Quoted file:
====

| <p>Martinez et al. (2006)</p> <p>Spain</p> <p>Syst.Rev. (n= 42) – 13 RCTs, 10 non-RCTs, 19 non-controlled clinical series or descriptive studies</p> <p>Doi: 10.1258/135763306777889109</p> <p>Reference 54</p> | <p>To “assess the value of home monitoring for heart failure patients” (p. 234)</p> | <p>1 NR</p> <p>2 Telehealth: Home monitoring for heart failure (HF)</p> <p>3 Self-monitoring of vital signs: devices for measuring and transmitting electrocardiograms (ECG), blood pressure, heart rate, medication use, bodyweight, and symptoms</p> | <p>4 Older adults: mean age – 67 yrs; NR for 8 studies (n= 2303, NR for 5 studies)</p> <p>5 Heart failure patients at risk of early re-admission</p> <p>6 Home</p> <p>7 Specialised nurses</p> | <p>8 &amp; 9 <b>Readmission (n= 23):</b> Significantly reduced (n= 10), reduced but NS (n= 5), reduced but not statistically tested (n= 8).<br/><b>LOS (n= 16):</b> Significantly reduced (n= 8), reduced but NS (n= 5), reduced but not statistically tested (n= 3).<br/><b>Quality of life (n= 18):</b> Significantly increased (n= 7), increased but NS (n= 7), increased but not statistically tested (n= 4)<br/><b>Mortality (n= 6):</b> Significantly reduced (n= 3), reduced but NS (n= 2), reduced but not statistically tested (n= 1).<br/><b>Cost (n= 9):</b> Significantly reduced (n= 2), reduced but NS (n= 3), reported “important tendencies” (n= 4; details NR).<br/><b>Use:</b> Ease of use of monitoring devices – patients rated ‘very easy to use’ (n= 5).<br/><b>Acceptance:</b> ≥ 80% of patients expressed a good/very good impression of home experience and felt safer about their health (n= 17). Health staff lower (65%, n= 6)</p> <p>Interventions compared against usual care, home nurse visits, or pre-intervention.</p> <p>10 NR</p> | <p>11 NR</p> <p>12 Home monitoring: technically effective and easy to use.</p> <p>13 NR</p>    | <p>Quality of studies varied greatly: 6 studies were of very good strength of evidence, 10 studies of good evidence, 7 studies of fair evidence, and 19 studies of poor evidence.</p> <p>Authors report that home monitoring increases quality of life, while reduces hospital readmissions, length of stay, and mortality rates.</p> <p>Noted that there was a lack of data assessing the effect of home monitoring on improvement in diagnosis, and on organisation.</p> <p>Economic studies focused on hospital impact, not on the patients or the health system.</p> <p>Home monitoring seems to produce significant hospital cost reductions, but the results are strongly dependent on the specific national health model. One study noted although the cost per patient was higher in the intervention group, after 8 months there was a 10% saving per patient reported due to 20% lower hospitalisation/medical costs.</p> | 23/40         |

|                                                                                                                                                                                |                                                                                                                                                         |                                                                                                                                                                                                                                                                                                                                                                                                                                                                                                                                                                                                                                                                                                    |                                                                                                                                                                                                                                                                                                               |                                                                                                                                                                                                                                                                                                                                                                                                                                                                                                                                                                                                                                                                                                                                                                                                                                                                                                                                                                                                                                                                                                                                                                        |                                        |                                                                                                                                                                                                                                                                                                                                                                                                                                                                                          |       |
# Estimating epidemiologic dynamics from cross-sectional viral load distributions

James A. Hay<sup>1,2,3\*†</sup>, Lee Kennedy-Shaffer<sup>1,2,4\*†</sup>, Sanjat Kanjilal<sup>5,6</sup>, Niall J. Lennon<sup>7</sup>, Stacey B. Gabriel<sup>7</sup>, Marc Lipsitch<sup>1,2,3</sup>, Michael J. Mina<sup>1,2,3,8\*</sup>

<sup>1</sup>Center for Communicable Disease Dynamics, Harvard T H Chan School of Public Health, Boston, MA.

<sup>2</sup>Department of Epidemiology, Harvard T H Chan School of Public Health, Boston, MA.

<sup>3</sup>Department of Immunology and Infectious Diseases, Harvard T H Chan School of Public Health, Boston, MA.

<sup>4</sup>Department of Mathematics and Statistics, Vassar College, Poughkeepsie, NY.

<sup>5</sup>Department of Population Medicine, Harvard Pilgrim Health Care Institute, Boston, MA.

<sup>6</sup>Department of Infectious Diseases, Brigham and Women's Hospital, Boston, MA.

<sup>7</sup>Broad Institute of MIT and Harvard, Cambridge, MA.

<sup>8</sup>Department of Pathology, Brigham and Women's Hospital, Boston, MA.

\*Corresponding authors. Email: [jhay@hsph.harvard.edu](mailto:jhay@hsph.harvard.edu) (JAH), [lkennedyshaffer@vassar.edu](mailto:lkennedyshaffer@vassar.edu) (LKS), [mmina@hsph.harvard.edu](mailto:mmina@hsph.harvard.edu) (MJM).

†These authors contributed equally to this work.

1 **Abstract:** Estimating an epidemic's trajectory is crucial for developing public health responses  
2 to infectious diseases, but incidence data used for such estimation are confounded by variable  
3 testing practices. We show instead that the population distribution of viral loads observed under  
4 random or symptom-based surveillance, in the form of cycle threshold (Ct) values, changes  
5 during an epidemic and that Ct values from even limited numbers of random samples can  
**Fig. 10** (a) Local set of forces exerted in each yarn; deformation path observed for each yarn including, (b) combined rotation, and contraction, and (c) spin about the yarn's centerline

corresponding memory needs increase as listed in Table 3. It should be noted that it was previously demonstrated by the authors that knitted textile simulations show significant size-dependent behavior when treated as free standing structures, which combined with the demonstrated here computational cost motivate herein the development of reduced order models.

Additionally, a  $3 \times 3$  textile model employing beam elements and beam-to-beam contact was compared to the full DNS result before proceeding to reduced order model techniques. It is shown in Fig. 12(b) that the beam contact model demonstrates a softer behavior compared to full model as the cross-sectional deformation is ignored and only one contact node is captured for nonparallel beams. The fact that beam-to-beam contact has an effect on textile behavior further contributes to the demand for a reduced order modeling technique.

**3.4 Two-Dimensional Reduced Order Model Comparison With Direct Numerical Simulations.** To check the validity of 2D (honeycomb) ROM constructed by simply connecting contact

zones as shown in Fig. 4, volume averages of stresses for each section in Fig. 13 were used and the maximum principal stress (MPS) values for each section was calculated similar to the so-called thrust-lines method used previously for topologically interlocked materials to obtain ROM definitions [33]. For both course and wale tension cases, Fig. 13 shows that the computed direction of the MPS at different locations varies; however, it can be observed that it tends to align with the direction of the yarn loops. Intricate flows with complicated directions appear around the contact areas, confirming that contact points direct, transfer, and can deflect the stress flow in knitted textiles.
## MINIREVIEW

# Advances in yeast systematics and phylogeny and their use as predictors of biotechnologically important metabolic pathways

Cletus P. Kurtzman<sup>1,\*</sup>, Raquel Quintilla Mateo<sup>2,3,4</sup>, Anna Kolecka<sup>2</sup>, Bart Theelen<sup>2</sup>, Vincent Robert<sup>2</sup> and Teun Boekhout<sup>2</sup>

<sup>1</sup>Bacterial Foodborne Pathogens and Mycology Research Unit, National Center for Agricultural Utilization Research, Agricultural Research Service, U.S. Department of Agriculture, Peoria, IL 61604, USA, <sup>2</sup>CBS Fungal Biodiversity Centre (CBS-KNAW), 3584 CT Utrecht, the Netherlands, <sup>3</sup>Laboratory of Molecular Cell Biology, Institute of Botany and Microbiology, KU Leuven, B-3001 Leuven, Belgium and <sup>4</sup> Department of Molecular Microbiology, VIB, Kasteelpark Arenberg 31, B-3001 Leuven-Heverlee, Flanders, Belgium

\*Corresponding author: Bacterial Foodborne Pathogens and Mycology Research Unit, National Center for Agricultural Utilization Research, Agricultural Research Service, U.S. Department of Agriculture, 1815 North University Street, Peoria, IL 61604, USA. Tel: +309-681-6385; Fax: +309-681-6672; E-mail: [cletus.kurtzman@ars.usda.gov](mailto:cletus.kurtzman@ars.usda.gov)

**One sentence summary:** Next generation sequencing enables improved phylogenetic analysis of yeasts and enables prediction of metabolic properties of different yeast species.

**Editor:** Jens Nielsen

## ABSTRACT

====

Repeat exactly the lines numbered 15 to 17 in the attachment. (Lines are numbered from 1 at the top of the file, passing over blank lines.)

1 **Abstract:** Estimating an epidemic's trajectory is crucial for developing public health responses  
2 to infectious diseases, but incidence data used for such estimation are confounded by variable  
3 testing practices. We show instead that the population distribution of viral loads observed under  